Calls for Reform of IRS Rules Face Resistance from Dark Money Advocates


Eight groups, including the Sunlight Foundation, sent letters to the House and Senate, urging Members of Congress to adopt legislation closing down the loophole that allows so-called social welfare organizations to engage in political activities. The murky law was at the root of the controversies surrounding the IRS’s improper targeting of certain groups’ applications for 501(c)(4) status.

At congressional hearings this week, many members of the Senate Finance Committee and House Oversight and Government Reform Committee raised the issue of fixing the broken IRS rules that allow social welfare organizations to engage in substantial electioneering activities. Many noted that engaging in campaign activities is explicitly contrary to the law that says such organizations must engage “exclusively” in social welfare activities. Campaign activities are not “social welfare” activities.

If it results in a clarification of the law, the IRS debacle will have a silver lining. But there is still a great deal of resistance to efforts that would ensure that groups that engage in political activities disclose their donors. Chairman Issa of the House Oversight and Government Reform Committee rejected the idea that it was appropriate for his committee to address the question of any possible fixes—begging the question: what happened to the “reform” part of his committee? And in the Washington Post today, Senator Mitch McConnell uses the IRS case as a twisted justification to endorse dark money in our elections. His sanctimonious criticism of transparency measures ignores Supreme Court precedent as well as decades of support (including his own) for disclosure as a narrowly tailored method to address political corruption.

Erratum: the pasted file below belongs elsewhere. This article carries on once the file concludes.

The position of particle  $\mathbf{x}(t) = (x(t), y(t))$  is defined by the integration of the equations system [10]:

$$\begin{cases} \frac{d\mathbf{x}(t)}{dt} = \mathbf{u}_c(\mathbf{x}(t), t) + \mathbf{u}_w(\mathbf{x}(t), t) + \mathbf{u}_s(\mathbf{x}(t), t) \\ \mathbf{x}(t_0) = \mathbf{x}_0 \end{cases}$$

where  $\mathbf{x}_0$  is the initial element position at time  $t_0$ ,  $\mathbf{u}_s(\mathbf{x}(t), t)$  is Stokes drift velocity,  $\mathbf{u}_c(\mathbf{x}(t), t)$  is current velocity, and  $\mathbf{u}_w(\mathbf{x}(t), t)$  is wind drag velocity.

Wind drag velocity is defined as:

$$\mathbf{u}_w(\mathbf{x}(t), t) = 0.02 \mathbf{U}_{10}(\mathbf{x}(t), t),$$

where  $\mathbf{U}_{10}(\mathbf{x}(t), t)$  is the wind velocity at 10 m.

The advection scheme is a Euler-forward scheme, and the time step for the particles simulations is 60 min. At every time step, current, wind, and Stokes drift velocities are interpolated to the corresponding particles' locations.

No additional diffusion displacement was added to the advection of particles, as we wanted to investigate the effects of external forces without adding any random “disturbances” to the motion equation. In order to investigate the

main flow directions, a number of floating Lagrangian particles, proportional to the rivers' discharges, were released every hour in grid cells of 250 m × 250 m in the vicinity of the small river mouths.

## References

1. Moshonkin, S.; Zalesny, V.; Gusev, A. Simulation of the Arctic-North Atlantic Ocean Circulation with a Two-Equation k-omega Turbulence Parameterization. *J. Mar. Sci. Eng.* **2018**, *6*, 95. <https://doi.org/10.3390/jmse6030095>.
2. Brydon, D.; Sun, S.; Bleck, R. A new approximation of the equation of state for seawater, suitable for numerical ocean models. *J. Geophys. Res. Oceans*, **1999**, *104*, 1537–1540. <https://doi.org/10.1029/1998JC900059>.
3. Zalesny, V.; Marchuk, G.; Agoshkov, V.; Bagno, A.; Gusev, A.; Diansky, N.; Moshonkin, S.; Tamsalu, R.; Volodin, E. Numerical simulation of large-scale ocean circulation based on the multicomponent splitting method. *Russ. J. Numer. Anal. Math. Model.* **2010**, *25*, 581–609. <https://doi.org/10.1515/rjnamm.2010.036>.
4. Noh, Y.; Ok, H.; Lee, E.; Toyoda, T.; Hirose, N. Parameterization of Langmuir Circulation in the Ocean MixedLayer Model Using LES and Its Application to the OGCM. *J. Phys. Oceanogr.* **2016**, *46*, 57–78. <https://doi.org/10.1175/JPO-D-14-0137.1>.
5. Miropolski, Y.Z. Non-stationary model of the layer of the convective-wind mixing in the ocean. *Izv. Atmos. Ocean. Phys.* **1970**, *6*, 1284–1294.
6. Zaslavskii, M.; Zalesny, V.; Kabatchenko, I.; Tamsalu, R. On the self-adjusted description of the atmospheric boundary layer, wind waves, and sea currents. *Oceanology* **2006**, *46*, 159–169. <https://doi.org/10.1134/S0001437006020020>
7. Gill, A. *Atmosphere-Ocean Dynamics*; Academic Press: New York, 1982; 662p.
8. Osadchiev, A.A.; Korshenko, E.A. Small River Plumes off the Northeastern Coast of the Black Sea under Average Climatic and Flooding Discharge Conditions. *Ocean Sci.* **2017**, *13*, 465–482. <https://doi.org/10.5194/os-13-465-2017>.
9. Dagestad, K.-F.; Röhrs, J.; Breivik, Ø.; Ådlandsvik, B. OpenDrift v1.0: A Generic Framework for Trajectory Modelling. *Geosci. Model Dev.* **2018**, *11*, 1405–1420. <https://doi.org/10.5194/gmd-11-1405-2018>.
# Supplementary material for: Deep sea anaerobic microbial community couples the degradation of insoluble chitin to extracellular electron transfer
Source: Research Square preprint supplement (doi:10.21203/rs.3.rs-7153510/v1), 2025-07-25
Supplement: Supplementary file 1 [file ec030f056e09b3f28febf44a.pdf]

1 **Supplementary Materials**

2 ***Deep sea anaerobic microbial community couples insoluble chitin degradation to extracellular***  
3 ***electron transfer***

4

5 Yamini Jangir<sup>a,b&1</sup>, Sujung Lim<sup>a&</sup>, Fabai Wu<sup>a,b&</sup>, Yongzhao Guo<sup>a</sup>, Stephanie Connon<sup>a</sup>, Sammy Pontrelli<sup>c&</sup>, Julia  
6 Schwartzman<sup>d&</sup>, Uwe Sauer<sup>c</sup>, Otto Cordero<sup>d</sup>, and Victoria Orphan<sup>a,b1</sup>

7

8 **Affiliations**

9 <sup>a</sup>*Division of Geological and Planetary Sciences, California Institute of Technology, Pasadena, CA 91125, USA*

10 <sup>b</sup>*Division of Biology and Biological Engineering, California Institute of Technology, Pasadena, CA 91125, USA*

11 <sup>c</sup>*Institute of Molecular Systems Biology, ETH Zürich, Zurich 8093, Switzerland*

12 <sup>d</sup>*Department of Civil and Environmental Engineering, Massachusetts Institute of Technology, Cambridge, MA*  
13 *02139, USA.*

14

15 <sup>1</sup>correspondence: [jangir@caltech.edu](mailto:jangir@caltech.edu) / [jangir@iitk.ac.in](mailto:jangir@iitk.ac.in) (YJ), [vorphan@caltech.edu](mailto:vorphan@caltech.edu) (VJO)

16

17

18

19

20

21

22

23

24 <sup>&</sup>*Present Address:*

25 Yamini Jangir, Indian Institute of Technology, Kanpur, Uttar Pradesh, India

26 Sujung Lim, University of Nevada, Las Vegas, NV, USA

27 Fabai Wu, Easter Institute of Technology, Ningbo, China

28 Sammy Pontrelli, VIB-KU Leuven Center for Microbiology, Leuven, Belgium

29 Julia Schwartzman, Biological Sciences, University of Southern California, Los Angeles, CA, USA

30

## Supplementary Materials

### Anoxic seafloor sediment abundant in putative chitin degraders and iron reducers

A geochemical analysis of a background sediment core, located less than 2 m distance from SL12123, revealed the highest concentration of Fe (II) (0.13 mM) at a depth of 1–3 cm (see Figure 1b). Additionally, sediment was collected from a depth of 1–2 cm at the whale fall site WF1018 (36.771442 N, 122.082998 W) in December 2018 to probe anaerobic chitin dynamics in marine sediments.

(It’s also remarkably hypocritical that McConnell would use the 1958 Supreme Court decision in Alabama v. NAACP to justify his position. That case prohibited government mandated disclosure of membership lists–not campaign finance records–when, on balance, threats to the group’s first amendment rights were thought to outweigh the public’s interest in disclosure. McConnell was less than concerned about the NAACP precedent when, under his direction, he repeatedly blocked an electronic filing bill in the Senate by insisting on an amendment that would require membership organizations disclose their members’ names any time a group filed an ethics complaint against a sitting senator. Apparently McConnell has his own balancing test, heavily weighted towards his own interest as opposed to the public interest.)

Narrow changes to tax law would ensure that groups intending to impact our elections disclose their donors, while fully protecting the anonymous speech of organizations that are legitimately engaged in social welfare activities. Clarifying the laws would also decrease the likelihood of future instances of improper targeting by the IRS.